Wednesday, 2 December 2009

Applications of behavioural economics part 1a: anchoring

In the East End of Glasgow, as you head from the Tollbooth towards Celtic Park, you'll come across a curiosity out of the 19th century. The Barras is a huge flea market - the biggest in Europe - where everything from second-hand clothes and books to discount electronics and records of doubtful provenance are sold.

And the people selling them are some of the most effective salespeople in the country.

Let's wait by the stall of a chap called Glasgow Harry (why he's called Glasgow Harry when he works in Glasgow is another story). We're among forty or fifty people waiting expectantly for the show to start.

Harry pulls out a radio cassette player (this was quite a few years ago) and starts the pitch. "Now who wants one of these wee stoaters?" [You'll have to imagine the Glaswegian accent] "Latest Japanese technology, double cassette deck, AM/FM, lasts about forty hours on the battery." Elucidation of many more features follows.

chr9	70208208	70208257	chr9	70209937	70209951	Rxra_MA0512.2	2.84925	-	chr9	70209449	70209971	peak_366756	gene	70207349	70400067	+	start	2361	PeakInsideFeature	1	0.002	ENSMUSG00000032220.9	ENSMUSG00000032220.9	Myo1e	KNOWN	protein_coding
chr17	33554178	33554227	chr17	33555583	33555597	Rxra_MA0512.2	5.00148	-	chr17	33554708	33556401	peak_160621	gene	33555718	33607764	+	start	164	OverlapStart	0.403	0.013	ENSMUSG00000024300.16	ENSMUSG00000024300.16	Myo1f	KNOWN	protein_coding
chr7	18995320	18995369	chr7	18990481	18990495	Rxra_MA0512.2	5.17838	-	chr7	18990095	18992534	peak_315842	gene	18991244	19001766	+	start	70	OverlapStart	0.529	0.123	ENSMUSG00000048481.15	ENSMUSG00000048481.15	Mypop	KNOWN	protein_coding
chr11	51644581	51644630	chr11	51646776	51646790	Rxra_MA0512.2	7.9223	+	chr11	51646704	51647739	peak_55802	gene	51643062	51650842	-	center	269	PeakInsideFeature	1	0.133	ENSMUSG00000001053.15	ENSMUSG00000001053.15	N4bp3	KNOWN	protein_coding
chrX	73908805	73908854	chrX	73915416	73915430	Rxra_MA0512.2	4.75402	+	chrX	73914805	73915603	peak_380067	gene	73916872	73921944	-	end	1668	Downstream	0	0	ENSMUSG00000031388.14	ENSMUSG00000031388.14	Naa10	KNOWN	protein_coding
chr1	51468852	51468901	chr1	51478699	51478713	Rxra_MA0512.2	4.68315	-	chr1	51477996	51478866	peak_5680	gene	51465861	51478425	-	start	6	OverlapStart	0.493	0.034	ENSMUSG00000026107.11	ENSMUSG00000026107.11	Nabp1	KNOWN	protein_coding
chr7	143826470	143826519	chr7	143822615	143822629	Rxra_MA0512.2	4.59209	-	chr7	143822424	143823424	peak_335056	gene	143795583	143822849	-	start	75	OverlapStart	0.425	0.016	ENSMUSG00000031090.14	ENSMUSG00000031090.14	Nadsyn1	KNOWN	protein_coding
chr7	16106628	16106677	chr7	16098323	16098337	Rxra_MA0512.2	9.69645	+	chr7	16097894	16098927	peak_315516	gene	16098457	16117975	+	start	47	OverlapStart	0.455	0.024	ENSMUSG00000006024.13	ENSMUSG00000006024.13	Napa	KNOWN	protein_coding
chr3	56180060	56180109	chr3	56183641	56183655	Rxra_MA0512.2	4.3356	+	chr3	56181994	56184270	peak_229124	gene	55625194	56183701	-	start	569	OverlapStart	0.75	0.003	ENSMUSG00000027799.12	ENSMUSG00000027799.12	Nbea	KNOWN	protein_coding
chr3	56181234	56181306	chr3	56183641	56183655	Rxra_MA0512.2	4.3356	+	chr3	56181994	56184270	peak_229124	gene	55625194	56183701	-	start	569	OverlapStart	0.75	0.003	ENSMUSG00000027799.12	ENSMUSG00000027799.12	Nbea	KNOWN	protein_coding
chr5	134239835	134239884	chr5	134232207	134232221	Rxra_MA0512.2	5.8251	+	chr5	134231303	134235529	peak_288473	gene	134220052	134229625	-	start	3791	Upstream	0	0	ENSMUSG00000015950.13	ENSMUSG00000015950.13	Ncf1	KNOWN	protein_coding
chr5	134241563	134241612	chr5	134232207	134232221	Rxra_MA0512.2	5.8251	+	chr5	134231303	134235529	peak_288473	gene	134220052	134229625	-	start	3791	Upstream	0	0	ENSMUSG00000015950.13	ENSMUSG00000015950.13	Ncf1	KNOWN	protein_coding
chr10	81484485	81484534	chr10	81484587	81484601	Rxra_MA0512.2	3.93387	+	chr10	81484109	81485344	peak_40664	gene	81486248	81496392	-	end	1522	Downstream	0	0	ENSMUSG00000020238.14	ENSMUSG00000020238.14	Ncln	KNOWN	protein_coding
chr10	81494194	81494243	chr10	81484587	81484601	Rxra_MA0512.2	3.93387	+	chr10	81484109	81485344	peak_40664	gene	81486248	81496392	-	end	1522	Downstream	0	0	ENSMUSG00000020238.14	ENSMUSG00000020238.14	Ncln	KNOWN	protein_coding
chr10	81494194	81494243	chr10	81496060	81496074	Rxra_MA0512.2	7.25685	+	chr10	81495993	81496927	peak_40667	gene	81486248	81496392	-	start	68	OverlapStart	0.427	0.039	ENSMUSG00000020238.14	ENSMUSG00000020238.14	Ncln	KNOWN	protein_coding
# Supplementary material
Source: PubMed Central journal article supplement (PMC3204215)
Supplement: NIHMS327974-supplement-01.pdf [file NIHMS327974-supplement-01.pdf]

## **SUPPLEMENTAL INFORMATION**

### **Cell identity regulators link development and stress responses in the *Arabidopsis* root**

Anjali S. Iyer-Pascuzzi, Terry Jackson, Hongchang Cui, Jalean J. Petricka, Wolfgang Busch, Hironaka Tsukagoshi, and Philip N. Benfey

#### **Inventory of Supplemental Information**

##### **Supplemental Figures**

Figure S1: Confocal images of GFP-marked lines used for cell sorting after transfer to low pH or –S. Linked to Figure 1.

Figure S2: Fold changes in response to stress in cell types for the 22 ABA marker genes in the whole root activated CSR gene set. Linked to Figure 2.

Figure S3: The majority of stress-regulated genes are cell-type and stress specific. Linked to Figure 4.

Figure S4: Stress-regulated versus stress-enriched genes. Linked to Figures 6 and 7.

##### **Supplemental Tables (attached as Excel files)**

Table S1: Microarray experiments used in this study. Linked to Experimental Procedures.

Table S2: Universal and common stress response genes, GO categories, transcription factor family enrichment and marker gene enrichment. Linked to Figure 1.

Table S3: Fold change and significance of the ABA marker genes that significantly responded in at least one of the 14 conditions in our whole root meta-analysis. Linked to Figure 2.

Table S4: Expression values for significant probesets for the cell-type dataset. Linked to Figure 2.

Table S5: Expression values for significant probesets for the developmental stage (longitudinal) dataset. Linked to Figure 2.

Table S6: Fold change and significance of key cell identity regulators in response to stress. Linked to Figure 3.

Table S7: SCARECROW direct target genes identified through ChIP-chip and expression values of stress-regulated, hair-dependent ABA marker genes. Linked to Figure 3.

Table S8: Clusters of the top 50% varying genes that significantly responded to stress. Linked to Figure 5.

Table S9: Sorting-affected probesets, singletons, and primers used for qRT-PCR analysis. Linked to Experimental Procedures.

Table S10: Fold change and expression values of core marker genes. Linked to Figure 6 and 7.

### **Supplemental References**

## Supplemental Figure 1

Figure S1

And now the key moment...we wait agog, breath bated, to hear what it is going to cost us.

"Now in a shop this'd cost you two hundred quid. I'm not asking that. I don't have their overheads. I'm not even going to ask for a hundred and thirty." Great! A bargain already. "I was selling them last week for a hundred and twenty but I won't even start there. I'm going to save time and start straight in at a hundred and five. They won't last long at that price so get your order in now."

There's always someone who jumps straight in and pays it. Accomplice or sucker? We'll probably never know. But then after a bit more banter the price comes down a little.